We were college material. All of us. Every last one of us could and should work hard now and plan on a future that included college and then a career. Did everyone end up going that route? Probably not.   But, I know we all tried.   I don't think anyone really knew what they might be one day when they grew up, but we all had dreams as I'm sure that all the kids growing up in DeKalb County right now do, too.

Kids will do what you expect them to do

If we expect a certain percentage of our chilren to fail, they will fail. If we accept that not all of our children will ever be college material, then they will find a way to make sure we are right. Children love to please the role models in their lives. They have a way of living up to your expectations even when you do not realize they are even trying.

And if we can openly talk in a meeting where candidates should be telling the audience what they will do better than the incumbents if we elect them, it's sad to hear so many of them talk about what they think we should do with the kids who will want to drop out and take a shortcut out of education and a fast track into blue collar life.

Have we forgotten that education, a good education, gives you so much more than just an entry ticket to the career of your liking? Education, especially higher education, gives a person a greater respect for all people, an understanding of the way the world works, an appreciation for one's own talents and a confidence level that will take them far in life no matter what line of work they ultimately settle on.

Education has long been known as the "great equalizer" and the one thing that is almost certain to "prevent poverty."  Here is an article written by Eric Waldo,  Deputy Chief of Staff at the U.S. Department of Education and Frankie Martinez-Blanco, Director of Advance at the U.S. Department of Education on this subject:  http://www.whitehouse.gov/blog/2011/10/07/renewing-american-dream-education-great-equalizer

 

C'mon!  Let's do education RIGHT for a change!

Education, if done right, is a life-long process. We learn to appreciate ourselves and others, our strengths and our challenges, our history and our current lot in life. And, most of all, we learn how to dream, to believe and to strive to achieve something bigger and better than we ever thought possible when we were just coming up in the system.

To reroute children toward a pathway that does not include all the benefits, tangible and intangible, of a real education is a sorry goal for a school system that has a billion dollars a year at its disposal.

I wonder how many of our school board members are truly happy in their jobs right now, knowing that they are partially to blame for the jobs that were recently cut? I wonder how many teachers could have gotten through to those kids that we plan to pass on down the line without the skills to even write a cover letter or read a want ad?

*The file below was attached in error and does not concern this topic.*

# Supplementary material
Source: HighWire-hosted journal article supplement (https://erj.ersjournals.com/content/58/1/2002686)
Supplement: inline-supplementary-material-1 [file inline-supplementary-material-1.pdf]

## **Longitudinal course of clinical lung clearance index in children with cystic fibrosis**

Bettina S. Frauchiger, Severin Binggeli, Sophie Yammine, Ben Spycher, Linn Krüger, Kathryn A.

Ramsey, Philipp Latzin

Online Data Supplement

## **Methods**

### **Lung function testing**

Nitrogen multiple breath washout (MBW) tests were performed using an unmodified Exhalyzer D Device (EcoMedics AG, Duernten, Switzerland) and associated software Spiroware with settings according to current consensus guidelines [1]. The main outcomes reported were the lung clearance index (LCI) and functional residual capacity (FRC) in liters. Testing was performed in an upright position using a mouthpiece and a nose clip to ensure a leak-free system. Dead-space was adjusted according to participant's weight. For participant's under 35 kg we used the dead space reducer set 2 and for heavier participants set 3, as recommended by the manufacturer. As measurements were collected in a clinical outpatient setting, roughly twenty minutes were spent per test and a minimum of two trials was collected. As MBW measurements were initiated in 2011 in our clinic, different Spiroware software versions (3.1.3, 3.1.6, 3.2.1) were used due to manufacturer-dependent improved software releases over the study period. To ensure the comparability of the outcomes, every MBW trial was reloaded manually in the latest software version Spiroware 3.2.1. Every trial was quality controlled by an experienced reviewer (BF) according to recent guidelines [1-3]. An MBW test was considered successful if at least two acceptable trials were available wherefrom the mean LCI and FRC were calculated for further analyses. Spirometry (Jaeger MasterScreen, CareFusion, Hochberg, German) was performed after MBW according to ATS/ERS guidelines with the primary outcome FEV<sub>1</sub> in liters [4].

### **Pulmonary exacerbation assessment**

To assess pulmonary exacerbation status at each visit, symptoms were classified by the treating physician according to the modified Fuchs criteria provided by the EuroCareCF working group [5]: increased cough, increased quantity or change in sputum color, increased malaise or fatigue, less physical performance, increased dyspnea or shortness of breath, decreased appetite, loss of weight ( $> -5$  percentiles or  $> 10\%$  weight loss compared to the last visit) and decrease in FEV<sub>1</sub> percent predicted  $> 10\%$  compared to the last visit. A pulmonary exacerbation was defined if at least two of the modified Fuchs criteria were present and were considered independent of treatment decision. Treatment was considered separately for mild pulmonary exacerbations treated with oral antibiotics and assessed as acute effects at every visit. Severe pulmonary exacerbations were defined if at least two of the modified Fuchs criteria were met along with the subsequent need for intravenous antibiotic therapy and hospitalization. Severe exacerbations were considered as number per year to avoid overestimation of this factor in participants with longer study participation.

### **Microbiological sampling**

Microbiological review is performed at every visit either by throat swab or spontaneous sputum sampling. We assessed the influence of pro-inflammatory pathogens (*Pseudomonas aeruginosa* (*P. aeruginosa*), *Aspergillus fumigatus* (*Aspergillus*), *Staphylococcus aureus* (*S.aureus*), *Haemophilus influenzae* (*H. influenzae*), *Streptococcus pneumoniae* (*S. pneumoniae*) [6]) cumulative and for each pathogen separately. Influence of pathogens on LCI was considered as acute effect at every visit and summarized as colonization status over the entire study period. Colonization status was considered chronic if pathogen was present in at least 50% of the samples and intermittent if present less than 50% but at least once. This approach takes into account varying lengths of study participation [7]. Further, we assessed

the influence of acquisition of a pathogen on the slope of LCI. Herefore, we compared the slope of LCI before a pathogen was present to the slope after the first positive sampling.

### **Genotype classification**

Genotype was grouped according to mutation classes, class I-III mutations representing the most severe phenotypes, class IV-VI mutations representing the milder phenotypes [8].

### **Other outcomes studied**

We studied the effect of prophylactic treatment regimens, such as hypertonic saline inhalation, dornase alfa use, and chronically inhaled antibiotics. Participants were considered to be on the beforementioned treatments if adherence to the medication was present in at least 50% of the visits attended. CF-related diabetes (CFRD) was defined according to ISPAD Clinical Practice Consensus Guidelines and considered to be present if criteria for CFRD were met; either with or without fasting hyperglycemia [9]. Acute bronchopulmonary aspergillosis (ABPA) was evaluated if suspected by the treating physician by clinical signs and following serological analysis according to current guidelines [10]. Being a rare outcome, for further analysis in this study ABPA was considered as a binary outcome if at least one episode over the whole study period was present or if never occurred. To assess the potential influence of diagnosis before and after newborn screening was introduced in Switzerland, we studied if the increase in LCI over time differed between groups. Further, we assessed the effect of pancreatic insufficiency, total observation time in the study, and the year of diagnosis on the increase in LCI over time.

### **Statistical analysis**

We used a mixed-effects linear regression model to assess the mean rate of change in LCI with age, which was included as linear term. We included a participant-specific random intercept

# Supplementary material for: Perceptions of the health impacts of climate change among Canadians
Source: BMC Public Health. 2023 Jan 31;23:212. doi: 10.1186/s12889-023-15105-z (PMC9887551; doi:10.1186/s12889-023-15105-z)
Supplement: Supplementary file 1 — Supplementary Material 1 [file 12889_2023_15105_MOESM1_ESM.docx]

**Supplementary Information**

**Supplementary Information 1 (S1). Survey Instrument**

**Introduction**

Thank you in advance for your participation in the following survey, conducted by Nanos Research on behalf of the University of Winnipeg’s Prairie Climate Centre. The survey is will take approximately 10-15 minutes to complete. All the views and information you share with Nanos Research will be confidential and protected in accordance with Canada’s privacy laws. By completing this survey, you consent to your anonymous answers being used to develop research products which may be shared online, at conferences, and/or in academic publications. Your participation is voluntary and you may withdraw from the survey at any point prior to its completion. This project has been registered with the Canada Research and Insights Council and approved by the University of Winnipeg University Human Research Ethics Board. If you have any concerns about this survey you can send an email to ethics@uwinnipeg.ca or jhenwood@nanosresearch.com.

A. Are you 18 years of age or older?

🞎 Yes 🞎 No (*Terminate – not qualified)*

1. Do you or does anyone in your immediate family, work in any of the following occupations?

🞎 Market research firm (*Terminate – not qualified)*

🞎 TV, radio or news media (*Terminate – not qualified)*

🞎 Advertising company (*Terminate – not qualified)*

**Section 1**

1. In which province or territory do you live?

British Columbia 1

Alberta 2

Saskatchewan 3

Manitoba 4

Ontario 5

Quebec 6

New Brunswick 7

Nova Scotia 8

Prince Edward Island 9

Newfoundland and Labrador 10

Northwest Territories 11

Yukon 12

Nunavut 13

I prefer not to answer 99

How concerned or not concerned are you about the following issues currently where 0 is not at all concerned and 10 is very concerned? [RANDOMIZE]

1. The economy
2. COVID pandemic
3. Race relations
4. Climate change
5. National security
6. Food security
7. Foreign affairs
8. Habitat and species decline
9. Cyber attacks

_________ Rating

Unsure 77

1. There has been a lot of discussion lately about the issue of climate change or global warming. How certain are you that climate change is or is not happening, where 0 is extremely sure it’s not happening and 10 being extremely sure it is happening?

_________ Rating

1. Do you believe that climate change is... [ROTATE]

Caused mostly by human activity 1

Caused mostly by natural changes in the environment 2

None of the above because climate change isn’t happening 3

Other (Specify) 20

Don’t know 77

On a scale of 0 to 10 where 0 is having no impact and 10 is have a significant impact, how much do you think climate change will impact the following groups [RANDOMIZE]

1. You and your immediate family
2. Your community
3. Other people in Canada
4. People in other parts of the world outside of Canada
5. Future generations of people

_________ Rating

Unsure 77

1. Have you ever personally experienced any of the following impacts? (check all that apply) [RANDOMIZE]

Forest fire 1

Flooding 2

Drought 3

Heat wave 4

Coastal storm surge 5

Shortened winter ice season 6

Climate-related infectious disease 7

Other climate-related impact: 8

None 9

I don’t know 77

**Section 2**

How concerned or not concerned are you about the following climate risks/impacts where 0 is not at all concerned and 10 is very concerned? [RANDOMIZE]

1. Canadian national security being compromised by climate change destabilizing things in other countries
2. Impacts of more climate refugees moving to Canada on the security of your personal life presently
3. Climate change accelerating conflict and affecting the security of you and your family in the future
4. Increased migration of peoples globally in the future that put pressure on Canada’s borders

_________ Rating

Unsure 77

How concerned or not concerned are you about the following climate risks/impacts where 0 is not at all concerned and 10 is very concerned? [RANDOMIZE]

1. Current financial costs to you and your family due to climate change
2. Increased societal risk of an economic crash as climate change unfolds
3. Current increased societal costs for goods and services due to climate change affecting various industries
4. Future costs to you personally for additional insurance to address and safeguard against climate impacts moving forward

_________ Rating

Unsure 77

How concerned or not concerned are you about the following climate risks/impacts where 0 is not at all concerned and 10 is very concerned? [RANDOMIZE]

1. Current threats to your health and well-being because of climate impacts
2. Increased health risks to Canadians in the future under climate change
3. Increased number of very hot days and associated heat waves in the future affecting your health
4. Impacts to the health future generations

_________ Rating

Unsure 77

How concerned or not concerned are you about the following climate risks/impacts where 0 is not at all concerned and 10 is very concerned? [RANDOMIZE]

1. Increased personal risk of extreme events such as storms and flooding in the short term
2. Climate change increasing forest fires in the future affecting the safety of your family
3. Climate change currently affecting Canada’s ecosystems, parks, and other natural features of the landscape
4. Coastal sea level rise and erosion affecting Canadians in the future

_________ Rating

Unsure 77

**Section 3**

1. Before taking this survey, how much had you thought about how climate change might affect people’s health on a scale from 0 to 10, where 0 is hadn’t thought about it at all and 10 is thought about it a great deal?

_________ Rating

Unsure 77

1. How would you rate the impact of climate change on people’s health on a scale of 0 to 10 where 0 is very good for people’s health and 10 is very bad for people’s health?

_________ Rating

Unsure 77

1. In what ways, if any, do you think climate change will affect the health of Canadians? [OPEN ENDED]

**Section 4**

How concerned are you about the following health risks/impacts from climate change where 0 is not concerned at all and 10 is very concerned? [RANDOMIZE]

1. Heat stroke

Please get out and vote July 31.  Remember what this is all about!

I know there are a lot of people feeling sorry for themselves right now. But I'm just feeling sorry for all those children who don't really want to be auto mechanics or assembly line workers, but they were never given a bar to even try to jump over.

We just set the bar on the ground, tell them all to run as fast as they can and aim for the middle.

This post is contributed by a community member. The views expressed in this blog are those of the author and do not necessarily reflect those of Patch Media Corporation. Everyone is welcome to submit a post to Patch. If you'd like to post a blog, go here to get started.

Delores North July 25, 2012 at 02:11 PM
I have three children; one is academically gifted, the other two have very, very low IQs. I believe that trying to give these 3 children the same education does a disservice to all of them. The academically gifted one sits in classes with kids who can't read and, of course, gets overlooked while the less gifted children get all the attention. So much potential she has is just being wasted while the teachers try to get the kid sitting next to her to understand that 2 plus 2 equals 4 because someone somewhere insists that all children must be given the same education, regardless of capabilities. The other two, on the other hand, can barely grasp the concept of 2 plus 2 equals 4. They try so hard, year after year, to succeed and, at best, wind up with Cs and Ds because someone somewhere thinks that a kid with an IQ of 144 and a kid with an IQ of 88 can learn at the same level. I watch them struggle year after year and am just waiting for the day that they drop out of high school because they realize that they will never be able to learn the things the school system insists they learn, instead of putting them on a path to sucess. We need to quit trying to teach calculus to kids with IQs of 88 and perhaps teach them a skill or trade so that they are not completely worthless when the graduate high school. Just my two cents as someone who experiences the frustration of equal education for all from both sides of it.